Producer: J. Cole
J. Cole: “The album was recorded in a lot of places because I move around so much. A lot of it was recorded in Quiet Studios in New York and Tree Sound Studios in Atlanta. Plus I did some at Roc the Mic Studios.
“[The vibe in the studio] is focused. If anything, there’s alcohol around. Earlier on, I had enough energy where I could drink and work. Now, I can’t because that shit gets me tired. I’ve got to be all the way pure in my thoughts and energy.
“In the studio, it’s straight to business. We might spend a whole studio session every now and then just talking because you need that. You just need to have conversations, laugh, and bullshit looking at YouTube videos. But for the most part, when we’re in the studio it’s album time. A lot of my studio sessions are spent working on beats.
“Mark [Pitts, my manager] told me [last-minute situations] always happen with albums. I don’t know if it’s because it’s my first time, but once you get to the end of the album, all the pieces start coming into place. Up until the [end of the summer] I’d just been making songs.
“[The album is] never real until you get that deadline. As you get closer to that deadline, that’s when things start becoming real. Things start to change. We’re always working up until those points, but you have more focus [as you approach the deadline]. It’s like the engine’s still moving, but the direction is really more clear. You go grab that last feature or you make that last song.
“Then, you’ve got to do the sequence. I had a bunch of songs that I played them at the listening session, which is great. But the sequencing was hard with all those songs. There were so many songs and they were all good.
“When I listen to Friday Night Lights and The Warm Up, I knew there was songs that I would maybe skip. I was like, ‘I’m just putting this one on here because of this.’ You’ve got that freedom because it’s a mixtape. On an album, the whole thing has to flow.
“With Friday Night Lights, as classic as that is to me, if that was an album and you removed about four songs, then it’s officially a classic. If you remove some songs, you can play it front to back. That’s how important the sequencing is.
“So with this album, me, Jay-Z, and Mark Pitts sat and sequenced the album, I realized, ‘Yo, you’ve got your whole life to put out these songs. Make sure this album is the best, it flows the best.’ That’s one thing about this album—I’ve been playing it and I literally listen to this front to back.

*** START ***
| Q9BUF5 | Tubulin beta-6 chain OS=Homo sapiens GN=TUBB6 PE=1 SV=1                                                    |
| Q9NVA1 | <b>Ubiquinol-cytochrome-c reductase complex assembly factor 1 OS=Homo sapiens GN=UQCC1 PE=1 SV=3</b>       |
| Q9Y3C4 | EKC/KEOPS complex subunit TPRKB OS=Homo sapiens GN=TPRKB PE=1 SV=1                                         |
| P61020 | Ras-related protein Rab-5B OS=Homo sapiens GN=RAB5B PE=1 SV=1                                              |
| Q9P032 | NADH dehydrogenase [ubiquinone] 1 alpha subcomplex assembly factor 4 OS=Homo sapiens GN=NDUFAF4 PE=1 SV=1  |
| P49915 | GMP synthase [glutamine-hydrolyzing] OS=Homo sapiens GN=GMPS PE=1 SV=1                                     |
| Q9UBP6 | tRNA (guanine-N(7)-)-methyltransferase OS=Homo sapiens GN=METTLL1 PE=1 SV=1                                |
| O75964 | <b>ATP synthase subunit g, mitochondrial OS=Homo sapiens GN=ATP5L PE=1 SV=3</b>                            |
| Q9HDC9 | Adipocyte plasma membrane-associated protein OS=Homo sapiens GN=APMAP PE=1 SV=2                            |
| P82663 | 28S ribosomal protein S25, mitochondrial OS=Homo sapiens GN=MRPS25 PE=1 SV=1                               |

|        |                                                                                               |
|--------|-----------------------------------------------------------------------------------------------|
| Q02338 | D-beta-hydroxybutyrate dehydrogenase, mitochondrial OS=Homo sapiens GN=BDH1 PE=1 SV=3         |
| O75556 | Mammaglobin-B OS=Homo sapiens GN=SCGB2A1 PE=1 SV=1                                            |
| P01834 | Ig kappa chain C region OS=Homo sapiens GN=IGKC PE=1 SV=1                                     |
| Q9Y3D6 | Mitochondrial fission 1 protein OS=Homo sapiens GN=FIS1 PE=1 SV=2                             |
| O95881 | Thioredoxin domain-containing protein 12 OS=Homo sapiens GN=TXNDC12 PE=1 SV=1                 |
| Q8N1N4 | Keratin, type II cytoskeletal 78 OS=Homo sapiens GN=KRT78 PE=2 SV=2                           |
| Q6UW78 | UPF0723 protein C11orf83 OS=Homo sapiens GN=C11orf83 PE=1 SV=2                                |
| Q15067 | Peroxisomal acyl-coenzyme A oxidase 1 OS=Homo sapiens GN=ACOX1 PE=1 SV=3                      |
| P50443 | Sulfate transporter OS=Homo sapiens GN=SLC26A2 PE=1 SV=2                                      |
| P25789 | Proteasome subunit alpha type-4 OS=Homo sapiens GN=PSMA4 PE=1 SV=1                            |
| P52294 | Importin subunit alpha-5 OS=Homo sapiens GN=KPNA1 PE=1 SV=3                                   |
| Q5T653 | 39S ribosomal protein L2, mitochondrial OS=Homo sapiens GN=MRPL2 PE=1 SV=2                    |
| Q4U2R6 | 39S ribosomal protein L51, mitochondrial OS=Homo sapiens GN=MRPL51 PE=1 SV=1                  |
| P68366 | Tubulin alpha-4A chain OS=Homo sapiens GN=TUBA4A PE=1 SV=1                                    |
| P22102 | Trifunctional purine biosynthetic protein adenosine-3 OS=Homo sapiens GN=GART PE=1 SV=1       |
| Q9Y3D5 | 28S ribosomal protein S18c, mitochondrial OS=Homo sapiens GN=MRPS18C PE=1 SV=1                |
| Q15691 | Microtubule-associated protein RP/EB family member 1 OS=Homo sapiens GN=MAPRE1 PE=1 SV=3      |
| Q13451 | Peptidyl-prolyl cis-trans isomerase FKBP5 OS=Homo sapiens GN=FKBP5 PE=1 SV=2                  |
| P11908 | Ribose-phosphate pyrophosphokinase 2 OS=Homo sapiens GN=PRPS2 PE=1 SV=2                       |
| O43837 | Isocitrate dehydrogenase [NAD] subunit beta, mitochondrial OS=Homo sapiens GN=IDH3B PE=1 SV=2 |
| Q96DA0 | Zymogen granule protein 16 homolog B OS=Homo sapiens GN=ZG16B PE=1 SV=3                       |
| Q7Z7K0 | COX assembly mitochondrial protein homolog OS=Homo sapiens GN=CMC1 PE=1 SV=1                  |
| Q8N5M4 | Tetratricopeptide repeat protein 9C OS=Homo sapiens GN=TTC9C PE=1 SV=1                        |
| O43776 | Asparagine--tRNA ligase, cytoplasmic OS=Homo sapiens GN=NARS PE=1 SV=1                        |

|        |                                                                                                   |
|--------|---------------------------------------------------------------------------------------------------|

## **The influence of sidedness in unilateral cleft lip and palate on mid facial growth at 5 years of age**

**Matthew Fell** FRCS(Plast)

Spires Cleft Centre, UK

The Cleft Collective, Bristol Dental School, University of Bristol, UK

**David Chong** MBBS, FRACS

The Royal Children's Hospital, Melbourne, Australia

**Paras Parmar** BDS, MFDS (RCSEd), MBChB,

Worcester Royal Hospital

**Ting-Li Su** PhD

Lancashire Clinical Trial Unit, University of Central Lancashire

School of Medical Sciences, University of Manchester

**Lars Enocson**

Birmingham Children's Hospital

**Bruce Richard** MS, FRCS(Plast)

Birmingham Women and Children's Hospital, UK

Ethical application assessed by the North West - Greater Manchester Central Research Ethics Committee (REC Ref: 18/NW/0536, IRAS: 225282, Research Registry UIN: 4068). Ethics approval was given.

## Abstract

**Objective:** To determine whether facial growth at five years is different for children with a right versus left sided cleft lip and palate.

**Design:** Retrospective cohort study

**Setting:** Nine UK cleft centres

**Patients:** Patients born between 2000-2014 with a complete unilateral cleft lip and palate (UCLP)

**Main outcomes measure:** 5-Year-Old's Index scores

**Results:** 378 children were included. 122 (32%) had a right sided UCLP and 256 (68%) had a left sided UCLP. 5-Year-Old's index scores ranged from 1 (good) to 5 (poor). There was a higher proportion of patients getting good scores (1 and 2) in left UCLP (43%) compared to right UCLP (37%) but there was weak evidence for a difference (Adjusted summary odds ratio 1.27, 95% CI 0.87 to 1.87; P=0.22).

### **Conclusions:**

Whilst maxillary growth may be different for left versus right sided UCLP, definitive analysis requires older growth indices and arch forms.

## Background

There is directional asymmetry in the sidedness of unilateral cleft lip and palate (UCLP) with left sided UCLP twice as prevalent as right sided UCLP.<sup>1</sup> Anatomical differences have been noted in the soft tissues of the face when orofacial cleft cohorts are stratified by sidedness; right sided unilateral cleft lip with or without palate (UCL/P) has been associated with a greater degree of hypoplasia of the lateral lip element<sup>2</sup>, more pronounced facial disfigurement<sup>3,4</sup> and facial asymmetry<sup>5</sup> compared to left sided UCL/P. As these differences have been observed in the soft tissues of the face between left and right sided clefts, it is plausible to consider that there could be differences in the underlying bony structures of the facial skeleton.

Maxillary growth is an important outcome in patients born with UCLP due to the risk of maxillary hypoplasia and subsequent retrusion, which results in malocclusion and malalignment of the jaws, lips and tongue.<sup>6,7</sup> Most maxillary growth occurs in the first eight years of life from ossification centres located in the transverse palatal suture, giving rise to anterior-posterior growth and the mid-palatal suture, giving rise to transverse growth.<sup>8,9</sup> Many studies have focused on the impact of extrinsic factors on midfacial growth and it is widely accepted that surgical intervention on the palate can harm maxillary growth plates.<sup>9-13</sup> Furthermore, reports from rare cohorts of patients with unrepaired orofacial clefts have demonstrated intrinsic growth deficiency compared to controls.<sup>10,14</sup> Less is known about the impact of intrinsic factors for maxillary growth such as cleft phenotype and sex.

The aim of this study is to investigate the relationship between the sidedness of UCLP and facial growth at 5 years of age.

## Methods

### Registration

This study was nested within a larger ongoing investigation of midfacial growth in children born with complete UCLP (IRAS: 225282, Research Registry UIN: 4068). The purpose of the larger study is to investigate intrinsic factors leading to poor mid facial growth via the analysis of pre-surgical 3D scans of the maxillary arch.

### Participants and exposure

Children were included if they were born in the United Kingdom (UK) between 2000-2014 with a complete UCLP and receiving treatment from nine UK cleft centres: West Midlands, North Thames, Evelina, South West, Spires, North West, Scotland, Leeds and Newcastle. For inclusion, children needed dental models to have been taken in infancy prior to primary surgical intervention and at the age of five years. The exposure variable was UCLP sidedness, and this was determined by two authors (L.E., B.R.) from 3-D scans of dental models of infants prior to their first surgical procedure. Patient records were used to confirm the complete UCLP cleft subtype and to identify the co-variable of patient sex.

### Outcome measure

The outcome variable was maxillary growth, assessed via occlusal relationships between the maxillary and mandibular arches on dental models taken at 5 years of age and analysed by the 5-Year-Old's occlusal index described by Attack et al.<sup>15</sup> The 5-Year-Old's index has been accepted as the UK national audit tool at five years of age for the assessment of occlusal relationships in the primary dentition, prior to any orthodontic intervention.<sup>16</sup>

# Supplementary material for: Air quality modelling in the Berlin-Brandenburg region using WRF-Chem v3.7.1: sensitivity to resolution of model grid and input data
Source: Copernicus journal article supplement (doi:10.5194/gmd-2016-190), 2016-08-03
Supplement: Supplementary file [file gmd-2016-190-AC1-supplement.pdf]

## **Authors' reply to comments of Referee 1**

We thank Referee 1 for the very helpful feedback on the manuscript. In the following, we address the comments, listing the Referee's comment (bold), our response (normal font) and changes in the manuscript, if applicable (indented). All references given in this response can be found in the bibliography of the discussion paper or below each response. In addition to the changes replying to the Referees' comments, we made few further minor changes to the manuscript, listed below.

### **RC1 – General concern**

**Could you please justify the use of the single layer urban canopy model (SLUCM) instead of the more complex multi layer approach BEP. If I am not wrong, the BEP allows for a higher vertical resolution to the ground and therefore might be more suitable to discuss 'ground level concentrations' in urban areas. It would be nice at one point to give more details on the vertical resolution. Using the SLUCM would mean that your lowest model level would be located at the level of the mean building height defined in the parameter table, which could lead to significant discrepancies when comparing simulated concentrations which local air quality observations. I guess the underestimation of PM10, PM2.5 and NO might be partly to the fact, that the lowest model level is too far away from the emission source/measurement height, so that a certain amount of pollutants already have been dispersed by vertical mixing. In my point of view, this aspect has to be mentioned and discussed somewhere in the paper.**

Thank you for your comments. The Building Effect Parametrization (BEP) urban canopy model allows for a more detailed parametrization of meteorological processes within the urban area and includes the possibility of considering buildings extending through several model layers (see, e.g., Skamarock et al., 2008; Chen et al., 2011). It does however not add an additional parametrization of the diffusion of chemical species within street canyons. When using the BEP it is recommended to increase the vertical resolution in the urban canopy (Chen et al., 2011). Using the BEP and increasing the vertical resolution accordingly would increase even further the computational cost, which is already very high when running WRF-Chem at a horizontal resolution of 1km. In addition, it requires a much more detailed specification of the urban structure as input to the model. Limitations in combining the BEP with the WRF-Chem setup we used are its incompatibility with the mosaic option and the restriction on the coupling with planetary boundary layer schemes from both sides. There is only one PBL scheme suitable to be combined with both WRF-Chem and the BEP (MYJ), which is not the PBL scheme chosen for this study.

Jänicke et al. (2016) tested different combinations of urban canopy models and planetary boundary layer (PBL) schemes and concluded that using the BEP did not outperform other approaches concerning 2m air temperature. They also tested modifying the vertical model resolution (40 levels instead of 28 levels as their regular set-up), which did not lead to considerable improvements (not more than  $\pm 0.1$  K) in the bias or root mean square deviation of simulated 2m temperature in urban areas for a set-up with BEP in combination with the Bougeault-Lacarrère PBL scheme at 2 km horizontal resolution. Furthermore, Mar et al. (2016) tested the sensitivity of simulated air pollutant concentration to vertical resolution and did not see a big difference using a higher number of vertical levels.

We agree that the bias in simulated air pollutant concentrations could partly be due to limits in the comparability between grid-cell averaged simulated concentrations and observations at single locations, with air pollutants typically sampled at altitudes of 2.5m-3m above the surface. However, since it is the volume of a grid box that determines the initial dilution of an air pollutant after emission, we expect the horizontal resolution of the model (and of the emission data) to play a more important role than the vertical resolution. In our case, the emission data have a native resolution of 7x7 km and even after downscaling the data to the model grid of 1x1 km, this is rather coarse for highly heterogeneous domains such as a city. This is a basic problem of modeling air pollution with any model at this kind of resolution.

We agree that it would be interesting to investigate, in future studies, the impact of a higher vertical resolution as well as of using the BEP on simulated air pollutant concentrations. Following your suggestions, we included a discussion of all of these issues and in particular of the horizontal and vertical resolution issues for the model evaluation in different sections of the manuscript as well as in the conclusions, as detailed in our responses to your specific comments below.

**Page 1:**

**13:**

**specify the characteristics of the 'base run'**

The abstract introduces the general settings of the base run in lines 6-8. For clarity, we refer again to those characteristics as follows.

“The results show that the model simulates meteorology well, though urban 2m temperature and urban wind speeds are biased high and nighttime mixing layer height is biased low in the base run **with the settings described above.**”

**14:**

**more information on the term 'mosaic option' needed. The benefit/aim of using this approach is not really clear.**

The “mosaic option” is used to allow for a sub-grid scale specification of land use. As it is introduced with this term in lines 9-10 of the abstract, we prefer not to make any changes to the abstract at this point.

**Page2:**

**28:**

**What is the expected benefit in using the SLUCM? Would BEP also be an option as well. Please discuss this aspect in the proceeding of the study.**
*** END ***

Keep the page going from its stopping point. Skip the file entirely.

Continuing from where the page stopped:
“That was the one thing I realized, the difference between it being a good album or a classic is the sequencing. We sat down for two hours and went over the sequencing and got a perfect sequence for the album. I had to cut three songs because it just made better sense. It flowed better as an album.”
Mark Pitts (J. Cole’s Manager): “I started out with the Bad Boy. I started out early on with Puff Daddy. Biggie was the first artist that I managed. I signed Lil Kim to Atlantic. I signed Shyne. I’ve been blessed to be involved with a lot of great things. That’s how I started out but then I became the VP at Universal. I went through the phase where I did the Biggie movie, Notorious.
“I’ve been with Usher from the beginning. The Confessions album, that’s when I was over there. I signed Chris Brown. I’ve done plenty more with the rest of my career, like bringing Nas and Jay-Z together. I felt very proud of that moment. Right now, I’m the president of Jive, which is now RCA.
“I didn’t like where hip-hop was going [in the mid-2000s]. I’m a lyrical guy, I like lyrics. My bar is high. I wasn’t passionate about the other movement that was going on. I respect it and God bless it and all that, but I personally disliked it.
“I was doing great, though. I was working with Usher, Chris Brown, I was having a lot of success. I just wasn’t passionate about hip-hop. I figured that was it for me. I hadn’t really done the rap stuff in a while, I was kind of done with it. Then, I heard J. Cole and he just pulled me right back in.
“For some reason, when I pictured J. Cole, I pictured a short, brown-skinned dude. [Laughs.] When he started speaking, I was really impressed. I was like, ‘This kid knows who he is.’ My plan originally was making him a producer that could rhyme, but it felt like he was an MC that could produce. I loved his point of view. He actually made me want to get back into hip-hop. "